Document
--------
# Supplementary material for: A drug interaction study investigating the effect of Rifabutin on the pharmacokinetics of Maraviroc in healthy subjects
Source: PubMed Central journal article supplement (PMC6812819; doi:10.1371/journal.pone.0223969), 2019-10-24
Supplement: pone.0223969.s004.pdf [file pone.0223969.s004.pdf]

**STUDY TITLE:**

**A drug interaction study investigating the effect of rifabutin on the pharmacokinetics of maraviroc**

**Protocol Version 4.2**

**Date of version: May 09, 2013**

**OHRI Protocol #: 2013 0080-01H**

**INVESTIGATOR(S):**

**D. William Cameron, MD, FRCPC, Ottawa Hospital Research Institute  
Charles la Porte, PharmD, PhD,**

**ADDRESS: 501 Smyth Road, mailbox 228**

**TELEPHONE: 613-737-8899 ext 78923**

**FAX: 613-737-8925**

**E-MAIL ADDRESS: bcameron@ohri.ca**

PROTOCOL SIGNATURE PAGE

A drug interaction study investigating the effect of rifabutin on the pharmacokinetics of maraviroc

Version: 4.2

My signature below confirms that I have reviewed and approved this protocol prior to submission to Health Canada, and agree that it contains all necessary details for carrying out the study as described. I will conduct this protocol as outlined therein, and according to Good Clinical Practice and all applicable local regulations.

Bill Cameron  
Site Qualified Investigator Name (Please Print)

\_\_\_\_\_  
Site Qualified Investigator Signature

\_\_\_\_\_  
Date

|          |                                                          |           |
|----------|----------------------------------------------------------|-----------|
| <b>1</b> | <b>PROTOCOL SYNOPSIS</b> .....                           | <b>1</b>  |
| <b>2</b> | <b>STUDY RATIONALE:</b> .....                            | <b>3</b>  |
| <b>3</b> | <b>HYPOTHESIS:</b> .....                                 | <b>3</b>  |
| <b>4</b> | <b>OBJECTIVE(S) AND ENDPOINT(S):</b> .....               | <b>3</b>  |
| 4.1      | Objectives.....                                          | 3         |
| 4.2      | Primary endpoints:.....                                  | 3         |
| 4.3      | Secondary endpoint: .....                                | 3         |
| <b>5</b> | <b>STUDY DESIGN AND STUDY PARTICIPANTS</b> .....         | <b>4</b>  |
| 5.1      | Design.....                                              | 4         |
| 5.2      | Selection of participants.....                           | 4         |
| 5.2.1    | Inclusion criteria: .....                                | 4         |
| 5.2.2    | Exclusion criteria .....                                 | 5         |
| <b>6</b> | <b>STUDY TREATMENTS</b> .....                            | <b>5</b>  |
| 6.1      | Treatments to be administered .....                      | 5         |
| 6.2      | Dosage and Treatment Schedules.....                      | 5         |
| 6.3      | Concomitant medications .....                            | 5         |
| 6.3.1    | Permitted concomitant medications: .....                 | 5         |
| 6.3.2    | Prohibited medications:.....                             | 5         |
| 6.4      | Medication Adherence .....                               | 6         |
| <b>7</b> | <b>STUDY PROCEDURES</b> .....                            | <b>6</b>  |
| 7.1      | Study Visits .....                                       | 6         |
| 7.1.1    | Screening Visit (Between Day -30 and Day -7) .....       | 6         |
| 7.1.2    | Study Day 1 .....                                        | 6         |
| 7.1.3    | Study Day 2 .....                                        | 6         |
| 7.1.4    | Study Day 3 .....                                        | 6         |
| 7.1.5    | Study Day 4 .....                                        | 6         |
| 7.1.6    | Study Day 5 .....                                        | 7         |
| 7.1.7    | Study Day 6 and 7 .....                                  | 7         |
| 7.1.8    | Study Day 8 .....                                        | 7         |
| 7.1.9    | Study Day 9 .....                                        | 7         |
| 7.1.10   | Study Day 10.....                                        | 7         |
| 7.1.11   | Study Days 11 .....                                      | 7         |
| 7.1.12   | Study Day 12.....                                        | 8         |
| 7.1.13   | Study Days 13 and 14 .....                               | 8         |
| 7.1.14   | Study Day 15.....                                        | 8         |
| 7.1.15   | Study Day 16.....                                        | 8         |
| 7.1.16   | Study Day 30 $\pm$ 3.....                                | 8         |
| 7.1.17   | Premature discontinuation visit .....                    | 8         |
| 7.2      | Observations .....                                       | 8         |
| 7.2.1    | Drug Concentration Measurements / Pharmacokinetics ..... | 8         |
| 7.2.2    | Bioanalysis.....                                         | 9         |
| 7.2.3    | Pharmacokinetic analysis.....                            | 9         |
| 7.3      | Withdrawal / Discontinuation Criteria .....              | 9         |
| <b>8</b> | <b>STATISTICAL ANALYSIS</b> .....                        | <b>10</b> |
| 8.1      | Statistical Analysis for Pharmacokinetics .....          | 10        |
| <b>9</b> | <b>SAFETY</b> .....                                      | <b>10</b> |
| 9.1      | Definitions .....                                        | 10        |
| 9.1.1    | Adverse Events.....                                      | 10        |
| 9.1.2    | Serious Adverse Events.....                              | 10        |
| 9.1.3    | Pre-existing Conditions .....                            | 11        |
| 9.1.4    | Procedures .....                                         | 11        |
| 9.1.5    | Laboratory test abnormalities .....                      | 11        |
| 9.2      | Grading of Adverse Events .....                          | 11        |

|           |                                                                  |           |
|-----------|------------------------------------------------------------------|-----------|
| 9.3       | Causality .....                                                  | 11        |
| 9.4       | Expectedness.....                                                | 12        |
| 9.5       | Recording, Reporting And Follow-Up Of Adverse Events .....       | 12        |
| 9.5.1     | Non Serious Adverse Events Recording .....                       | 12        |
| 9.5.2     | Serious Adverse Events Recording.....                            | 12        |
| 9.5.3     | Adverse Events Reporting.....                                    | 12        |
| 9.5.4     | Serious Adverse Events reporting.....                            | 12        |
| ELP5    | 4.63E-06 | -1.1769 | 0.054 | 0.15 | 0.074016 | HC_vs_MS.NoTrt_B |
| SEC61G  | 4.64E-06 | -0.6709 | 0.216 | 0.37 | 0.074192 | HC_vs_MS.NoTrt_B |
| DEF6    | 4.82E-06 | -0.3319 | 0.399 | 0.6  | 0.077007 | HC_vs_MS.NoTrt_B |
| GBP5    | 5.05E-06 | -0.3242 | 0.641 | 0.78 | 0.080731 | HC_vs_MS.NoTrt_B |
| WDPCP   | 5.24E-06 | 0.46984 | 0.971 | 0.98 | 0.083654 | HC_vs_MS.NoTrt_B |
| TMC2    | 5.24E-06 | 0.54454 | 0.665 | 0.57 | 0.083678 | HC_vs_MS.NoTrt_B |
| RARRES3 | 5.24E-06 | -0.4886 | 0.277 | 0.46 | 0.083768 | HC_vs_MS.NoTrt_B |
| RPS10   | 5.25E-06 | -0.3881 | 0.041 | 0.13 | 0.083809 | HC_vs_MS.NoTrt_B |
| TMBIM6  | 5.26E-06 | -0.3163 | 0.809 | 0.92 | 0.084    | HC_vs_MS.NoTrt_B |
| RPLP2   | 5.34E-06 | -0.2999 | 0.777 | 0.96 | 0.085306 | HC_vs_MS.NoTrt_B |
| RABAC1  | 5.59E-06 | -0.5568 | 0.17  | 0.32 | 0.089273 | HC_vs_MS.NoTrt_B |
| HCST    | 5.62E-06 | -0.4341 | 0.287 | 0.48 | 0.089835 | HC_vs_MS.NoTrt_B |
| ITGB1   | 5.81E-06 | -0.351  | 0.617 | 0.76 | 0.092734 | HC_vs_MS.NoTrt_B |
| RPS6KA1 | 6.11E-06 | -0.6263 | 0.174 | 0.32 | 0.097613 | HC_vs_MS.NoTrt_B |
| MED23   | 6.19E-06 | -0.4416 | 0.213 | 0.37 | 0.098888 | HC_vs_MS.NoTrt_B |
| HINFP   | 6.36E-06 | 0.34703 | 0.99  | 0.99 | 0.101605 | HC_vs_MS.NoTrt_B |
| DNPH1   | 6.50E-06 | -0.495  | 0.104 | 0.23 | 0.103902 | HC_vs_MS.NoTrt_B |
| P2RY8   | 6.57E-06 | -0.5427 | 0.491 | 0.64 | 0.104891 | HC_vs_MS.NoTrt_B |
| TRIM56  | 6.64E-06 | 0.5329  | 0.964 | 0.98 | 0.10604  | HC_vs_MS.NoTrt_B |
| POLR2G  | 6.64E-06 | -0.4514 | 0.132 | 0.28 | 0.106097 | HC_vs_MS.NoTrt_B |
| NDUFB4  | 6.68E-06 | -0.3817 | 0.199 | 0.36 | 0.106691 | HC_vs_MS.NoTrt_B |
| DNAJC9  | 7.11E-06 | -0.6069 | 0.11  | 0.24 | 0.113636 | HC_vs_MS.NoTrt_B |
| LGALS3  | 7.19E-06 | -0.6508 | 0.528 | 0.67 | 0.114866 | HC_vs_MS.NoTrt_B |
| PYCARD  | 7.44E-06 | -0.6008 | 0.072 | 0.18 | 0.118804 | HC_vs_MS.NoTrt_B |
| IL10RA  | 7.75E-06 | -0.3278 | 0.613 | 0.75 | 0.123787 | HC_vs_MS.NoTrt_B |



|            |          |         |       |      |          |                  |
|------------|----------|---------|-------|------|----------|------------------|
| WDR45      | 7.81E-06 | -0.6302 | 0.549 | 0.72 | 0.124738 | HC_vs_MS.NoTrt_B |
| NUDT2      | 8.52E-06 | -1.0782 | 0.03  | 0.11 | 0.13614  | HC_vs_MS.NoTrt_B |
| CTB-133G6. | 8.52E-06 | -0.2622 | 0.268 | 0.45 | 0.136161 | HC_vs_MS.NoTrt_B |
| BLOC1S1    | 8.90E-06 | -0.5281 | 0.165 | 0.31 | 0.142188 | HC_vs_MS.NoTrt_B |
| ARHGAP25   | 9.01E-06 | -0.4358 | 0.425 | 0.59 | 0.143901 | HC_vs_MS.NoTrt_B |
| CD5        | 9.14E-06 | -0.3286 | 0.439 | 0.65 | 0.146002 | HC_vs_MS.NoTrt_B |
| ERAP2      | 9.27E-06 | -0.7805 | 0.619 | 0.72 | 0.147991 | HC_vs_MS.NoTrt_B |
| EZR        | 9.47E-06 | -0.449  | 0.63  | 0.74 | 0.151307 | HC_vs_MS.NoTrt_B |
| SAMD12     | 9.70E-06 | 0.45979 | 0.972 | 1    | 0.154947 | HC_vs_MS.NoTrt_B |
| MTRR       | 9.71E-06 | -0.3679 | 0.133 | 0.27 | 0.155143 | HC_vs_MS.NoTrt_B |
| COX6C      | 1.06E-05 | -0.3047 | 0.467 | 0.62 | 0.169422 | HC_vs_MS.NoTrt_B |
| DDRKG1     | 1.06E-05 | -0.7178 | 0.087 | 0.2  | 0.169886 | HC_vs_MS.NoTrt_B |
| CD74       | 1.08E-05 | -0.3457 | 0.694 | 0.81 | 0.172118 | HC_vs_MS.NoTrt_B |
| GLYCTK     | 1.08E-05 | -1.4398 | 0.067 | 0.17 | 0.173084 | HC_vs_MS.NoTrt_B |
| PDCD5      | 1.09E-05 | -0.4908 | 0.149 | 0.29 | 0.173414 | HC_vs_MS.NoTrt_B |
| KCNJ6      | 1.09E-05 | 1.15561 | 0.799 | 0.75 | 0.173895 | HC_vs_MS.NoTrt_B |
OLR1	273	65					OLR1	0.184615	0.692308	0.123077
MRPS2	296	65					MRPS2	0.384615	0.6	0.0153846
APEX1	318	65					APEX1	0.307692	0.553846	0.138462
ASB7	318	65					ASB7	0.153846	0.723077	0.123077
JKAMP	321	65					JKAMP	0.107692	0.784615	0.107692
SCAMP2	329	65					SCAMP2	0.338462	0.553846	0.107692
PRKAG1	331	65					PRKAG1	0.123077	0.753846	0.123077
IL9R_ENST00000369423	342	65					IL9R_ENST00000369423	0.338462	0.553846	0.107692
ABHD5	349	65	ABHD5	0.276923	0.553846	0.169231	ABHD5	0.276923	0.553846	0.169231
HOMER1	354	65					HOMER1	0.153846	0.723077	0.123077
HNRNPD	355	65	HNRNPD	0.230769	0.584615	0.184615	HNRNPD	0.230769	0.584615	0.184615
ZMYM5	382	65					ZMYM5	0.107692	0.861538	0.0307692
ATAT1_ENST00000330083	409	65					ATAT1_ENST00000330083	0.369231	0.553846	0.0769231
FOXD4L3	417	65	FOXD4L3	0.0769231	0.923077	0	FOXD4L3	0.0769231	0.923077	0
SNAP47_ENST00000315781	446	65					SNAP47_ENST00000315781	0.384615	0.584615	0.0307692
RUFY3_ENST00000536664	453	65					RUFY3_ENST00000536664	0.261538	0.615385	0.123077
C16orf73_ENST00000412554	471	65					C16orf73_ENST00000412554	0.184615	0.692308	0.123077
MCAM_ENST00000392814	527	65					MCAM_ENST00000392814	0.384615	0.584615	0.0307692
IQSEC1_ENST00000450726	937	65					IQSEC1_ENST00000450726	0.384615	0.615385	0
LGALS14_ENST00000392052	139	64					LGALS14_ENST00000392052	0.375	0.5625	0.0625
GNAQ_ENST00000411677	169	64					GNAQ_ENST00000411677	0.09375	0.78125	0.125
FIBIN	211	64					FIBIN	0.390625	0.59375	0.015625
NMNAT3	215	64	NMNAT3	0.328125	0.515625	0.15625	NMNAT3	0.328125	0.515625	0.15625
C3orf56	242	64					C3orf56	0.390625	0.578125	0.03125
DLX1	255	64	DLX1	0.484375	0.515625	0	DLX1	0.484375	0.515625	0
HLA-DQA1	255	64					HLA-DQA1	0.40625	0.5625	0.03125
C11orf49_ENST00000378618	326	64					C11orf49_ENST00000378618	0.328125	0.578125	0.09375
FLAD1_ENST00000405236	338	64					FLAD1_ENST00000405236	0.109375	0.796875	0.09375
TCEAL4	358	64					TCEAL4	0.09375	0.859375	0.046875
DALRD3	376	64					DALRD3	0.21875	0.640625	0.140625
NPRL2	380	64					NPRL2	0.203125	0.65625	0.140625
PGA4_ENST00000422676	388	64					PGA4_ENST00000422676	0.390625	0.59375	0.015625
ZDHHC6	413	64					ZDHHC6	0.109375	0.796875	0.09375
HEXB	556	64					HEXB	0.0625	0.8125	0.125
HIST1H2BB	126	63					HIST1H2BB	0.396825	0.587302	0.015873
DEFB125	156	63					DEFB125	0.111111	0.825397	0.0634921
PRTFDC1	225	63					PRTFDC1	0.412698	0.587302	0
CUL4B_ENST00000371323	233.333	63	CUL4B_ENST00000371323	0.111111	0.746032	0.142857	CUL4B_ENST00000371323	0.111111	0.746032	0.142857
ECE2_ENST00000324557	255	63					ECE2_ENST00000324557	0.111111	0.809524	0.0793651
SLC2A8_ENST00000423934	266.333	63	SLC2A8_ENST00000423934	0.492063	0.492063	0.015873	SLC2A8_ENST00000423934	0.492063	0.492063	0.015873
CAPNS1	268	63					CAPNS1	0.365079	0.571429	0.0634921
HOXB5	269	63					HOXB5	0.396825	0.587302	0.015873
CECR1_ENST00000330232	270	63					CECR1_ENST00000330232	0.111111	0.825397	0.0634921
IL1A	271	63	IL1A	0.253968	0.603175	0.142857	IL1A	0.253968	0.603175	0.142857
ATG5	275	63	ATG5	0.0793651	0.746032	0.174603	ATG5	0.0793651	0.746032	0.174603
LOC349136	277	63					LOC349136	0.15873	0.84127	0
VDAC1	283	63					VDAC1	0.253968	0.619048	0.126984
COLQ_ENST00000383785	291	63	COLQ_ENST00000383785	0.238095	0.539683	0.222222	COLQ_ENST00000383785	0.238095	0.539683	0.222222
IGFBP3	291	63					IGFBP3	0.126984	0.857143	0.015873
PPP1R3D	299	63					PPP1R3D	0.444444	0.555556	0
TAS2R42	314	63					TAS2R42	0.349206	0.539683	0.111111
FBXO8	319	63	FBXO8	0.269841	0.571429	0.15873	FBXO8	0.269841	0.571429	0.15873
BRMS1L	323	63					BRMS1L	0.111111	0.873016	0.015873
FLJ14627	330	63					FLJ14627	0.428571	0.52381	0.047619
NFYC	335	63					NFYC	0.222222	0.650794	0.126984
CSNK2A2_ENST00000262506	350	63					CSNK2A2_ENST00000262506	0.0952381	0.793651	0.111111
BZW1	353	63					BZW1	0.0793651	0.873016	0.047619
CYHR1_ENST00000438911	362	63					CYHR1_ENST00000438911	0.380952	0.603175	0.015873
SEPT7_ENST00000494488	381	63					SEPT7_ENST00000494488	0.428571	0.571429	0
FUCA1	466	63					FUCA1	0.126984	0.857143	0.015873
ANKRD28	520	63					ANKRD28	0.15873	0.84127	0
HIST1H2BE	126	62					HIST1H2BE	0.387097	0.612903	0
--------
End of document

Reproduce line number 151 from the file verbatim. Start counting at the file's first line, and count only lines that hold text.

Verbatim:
IQSEC1_ENST00000450726	937	65					IQSEC1_ENST00000450726	0.384615	0.615385	0